We’re in the woods near Folkston, Georgia, with a mother and daughter who are collecting the materials to make Palmetto brooms. I’m Jim Metzner, and this is the Pulse of the Planet, presented by the American Museum of Natural History.
A Palmetto is a kind of palm tree that grows in marshy areas of the Southeastern United States. Collected and dried, the tree’s long fronds can be transformed into a variety of crafts, from dolls to baskets, to brooms.
“When you’re cutting brooms, the stems for the brooms, you cut the longest stems you can possibly get, with the thickest stem and you don’t cut the stem that’s closest to the new growth, because that’s the last growth and it’s really weak and it doesn’t make a very good broom handle.”
Judy Drury learned how to make Palmetto brooms from her mother.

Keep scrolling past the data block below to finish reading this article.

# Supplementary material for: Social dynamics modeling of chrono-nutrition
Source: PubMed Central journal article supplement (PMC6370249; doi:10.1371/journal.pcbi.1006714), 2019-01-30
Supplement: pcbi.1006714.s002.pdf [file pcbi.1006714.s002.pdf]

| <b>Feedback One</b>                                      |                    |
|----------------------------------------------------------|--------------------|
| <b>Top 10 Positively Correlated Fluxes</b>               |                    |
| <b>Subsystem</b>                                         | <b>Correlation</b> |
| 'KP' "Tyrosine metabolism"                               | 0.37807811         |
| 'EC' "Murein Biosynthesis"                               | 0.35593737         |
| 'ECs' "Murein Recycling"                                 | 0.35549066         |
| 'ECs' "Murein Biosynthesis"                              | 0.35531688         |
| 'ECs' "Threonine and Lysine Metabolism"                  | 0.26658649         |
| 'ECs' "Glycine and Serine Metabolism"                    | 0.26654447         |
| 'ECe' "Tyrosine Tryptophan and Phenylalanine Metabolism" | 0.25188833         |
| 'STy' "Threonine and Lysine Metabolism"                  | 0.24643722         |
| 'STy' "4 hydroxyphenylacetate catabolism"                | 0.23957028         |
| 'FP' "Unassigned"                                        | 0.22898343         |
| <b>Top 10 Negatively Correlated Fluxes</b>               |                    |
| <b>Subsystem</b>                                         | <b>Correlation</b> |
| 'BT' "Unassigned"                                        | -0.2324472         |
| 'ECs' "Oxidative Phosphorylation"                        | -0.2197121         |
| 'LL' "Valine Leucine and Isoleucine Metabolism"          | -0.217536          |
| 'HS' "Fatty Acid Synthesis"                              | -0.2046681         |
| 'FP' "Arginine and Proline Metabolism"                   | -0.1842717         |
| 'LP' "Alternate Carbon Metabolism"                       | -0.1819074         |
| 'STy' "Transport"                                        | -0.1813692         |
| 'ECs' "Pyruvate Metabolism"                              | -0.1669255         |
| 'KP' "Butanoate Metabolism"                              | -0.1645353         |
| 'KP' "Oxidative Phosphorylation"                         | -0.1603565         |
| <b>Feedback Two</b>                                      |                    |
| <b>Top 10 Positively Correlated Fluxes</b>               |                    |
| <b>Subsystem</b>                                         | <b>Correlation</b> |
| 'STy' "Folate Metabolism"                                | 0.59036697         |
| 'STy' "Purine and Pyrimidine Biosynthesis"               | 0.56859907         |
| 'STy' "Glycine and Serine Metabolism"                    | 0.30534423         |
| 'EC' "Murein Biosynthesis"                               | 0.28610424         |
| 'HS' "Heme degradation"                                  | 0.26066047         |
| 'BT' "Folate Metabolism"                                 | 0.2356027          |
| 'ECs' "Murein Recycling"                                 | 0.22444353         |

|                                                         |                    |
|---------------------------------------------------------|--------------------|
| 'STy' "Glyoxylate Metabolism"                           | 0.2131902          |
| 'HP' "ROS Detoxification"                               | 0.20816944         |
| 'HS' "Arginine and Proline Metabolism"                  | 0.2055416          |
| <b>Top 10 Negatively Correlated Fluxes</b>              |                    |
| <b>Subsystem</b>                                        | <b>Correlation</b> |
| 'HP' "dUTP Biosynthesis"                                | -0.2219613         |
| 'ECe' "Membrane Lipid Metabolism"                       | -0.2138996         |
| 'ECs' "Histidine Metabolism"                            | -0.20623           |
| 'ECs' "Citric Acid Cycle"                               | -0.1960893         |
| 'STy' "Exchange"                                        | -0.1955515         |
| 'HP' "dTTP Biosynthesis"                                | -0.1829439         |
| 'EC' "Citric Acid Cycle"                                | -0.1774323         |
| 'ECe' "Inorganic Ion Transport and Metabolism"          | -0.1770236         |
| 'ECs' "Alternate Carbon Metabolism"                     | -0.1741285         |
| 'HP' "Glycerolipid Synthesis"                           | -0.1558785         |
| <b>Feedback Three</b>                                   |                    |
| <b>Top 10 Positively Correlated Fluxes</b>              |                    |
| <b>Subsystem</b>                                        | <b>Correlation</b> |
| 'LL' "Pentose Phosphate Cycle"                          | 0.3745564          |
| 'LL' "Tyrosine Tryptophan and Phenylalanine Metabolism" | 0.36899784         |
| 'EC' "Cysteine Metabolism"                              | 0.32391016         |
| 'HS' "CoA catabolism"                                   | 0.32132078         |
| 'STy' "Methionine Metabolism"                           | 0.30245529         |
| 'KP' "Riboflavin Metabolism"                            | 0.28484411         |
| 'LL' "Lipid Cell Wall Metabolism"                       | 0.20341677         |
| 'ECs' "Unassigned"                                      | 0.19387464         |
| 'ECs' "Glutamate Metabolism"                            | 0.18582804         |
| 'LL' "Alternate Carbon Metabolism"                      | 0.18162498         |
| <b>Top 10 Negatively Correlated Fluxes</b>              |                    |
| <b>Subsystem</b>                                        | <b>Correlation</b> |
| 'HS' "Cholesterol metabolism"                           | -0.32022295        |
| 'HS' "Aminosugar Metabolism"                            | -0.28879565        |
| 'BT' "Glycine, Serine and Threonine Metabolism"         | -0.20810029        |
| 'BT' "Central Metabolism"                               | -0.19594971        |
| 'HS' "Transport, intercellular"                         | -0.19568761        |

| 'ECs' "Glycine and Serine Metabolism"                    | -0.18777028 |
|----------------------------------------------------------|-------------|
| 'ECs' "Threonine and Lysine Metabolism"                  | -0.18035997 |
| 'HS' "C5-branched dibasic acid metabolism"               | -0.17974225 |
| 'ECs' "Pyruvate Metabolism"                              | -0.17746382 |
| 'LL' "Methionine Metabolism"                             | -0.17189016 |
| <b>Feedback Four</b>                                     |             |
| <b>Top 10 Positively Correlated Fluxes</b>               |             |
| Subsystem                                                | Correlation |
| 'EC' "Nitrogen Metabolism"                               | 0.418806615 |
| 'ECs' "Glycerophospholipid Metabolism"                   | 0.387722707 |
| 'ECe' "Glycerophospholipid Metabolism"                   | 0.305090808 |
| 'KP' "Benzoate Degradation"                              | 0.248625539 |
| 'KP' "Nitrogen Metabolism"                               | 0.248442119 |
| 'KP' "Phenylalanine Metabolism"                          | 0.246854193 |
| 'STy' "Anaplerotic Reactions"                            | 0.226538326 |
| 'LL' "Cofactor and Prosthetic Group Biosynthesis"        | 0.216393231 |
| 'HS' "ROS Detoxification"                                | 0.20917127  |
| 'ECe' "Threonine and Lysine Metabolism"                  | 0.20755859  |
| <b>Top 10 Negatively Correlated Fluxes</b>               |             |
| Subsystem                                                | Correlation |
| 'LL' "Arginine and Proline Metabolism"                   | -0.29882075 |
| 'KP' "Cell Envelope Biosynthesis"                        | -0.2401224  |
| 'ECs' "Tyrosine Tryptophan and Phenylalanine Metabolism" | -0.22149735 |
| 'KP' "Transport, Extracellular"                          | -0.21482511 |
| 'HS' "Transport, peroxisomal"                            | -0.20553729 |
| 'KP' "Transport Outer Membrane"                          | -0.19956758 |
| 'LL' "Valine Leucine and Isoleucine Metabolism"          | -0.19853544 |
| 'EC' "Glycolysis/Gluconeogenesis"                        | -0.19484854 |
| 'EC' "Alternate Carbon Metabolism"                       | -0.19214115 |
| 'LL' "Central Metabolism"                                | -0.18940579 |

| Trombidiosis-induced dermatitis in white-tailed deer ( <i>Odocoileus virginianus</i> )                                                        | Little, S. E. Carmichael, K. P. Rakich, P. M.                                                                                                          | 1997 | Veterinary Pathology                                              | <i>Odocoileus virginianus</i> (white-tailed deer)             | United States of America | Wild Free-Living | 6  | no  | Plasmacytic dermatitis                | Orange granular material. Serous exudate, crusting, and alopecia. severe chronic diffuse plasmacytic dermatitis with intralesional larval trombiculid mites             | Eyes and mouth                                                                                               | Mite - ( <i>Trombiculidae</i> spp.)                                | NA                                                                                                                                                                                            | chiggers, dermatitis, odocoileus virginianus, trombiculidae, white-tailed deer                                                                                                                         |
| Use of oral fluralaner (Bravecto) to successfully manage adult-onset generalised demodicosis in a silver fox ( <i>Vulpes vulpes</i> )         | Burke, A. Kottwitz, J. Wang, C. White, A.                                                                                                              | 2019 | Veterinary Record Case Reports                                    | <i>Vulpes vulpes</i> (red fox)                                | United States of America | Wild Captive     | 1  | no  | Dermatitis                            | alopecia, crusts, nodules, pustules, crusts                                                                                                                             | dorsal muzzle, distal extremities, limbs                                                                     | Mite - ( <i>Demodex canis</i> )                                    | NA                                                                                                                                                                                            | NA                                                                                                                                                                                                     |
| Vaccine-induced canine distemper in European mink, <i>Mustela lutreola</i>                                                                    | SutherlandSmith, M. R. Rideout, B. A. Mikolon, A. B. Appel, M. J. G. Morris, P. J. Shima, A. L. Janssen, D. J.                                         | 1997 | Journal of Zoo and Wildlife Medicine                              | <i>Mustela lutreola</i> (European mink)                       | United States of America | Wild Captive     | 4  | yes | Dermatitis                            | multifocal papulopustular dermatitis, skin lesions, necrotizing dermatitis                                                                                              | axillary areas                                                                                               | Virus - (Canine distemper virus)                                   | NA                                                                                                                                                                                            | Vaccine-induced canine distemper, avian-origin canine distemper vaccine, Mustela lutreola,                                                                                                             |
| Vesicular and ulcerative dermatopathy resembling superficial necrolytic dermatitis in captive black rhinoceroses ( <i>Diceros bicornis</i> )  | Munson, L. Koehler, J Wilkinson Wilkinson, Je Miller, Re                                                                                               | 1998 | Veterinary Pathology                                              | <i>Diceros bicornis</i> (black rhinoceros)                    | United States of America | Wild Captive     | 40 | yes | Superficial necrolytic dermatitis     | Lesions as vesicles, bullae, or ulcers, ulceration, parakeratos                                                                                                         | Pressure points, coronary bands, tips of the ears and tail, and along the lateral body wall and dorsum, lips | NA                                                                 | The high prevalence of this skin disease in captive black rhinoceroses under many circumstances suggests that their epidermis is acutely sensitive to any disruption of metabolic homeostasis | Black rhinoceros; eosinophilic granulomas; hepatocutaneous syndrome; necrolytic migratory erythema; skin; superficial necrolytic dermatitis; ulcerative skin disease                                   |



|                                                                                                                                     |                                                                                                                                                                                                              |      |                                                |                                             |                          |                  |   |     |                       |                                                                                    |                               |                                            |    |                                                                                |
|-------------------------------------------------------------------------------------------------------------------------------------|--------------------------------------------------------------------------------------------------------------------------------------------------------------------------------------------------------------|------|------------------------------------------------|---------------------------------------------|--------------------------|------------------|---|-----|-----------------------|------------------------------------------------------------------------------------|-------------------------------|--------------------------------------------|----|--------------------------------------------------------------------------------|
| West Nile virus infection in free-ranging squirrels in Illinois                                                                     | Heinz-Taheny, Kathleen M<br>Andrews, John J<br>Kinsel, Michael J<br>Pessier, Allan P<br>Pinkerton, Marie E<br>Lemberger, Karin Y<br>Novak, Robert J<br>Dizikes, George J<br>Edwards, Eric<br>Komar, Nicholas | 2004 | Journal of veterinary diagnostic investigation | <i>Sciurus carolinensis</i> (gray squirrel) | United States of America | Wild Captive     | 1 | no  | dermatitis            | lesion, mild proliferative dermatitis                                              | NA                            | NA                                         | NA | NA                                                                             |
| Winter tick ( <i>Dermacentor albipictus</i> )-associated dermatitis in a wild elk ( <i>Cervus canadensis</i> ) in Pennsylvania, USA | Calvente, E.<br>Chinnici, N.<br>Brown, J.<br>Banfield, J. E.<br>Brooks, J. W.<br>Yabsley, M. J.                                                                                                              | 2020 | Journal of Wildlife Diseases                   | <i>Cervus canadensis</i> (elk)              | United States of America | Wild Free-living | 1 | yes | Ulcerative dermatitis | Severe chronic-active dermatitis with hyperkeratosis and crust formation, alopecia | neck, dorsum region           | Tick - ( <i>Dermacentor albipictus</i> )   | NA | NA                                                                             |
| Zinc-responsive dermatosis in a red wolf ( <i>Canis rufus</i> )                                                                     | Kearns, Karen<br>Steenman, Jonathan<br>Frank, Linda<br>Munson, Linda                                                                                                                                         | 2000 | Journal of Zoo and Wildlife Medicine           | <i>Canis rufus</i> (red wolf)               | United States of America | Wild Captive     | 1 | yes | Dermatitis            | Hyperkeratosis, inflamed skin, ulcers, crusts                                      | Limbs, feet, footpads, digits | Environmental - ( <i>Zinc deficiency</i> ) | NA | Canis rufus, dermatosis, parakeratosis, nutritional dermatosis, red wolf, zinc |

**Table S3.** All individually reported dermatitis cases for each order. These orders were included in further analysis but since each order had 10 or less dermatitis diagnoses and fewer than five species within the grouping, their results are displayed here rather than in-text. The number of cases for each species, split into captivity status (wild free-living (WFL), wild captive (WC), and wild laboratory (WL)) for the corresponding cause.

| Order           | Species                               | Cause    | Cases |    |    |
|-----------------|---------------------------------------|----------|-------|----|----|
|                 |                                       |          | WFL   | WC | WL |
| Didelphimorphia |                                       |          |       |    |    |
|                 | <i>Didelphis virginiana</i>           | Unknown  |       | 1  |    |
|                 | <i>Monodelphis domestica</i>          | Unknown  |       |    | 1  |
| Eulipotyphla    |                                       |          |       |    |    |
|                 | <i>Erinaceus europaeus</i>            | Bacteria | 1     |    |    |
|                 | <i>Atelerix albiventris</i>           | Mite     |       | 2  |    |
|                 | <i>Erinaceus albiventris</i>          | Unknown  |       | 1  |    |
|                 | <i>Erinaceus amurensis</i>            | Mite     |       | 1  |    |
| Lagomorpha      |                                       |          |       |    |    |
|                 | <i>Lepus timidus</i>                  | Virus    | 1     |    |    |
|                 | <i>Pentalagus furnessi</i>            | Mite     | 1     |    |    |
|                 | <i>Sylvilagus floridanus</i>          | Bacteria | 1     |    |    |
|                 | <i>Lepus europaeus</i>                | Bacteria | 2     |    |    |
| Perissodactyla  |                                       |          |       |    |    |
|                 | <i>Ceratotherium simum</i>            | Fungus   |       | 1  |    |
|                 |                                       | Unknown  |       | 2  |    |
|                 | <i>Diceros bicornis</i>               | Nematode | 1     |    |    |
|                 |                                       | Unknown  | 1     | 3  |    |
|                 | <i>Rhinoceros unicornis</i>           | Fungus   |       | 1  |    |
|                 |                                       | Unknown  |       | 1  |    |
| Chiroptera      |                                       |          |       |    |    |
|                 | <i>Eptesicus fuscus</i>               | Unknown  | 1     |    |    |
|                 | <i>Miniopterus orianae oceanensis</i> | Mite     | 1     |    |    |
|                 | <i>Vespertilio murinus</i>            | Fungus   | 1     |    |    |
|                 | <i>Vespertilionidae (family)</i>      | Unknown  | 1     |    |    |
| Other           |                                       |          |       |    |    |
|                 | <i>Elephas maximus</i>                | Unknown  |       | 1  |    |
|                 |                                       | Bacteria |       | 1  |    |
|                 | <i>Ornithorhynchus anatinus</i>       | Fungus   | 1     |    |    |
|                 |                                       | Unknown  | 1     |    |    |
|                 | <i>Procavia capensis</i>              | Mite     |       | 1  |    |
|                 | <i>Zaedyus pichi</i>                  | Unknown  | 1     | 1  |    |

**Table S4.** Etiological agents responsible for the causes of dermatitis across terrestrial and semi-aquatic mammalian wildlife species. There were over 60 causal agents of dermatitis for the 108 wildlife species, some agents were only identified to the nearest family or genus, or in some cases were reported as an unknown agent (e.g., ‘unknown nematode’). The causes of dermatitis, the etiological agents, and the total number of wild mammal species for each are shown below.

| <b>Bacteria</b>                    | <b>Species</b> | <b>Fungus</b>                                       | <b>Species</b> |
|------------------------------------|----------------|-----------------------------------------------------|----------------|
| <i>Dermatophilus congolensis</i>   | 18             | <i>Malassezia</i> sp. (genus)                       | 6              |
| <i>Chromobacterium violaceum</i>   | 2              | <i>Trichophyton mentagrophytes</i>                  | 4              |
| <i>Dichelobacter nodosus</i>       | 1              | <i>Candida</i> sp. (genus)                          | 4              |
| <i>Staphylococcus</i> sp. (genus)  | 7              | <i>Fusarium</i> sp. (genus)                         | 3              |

“Next step is separating your fans. You separate them into three pieces so this is going to be the head of your broom to sweep with. The two outside pieces is got to be smaller than the middle piece. And mama’s the best judge about how much to put in there. Sometimes, sometimes I put too much.”
Using long strips of fabric, Judy and her mother bind the Palmetto fronds together, being careful to keep them splayed out evenly.
According to tradition, it’s important to collect the Palmetto fronds during the waxing moon, because once the moon begins to wane, the fronds become weak and shriveled. And as you might expect, every broom is different.
“That’s the beauty of something handmade. It’s not perfect. No matter what you do, it’s not perfect. Never has been and never will be.”
Our special thanks to folklorist Laurie Sommers.
Additional funding for Pulse of the Planet has been provided by the National Endowment for the Humanities. I’m Jim Metzner.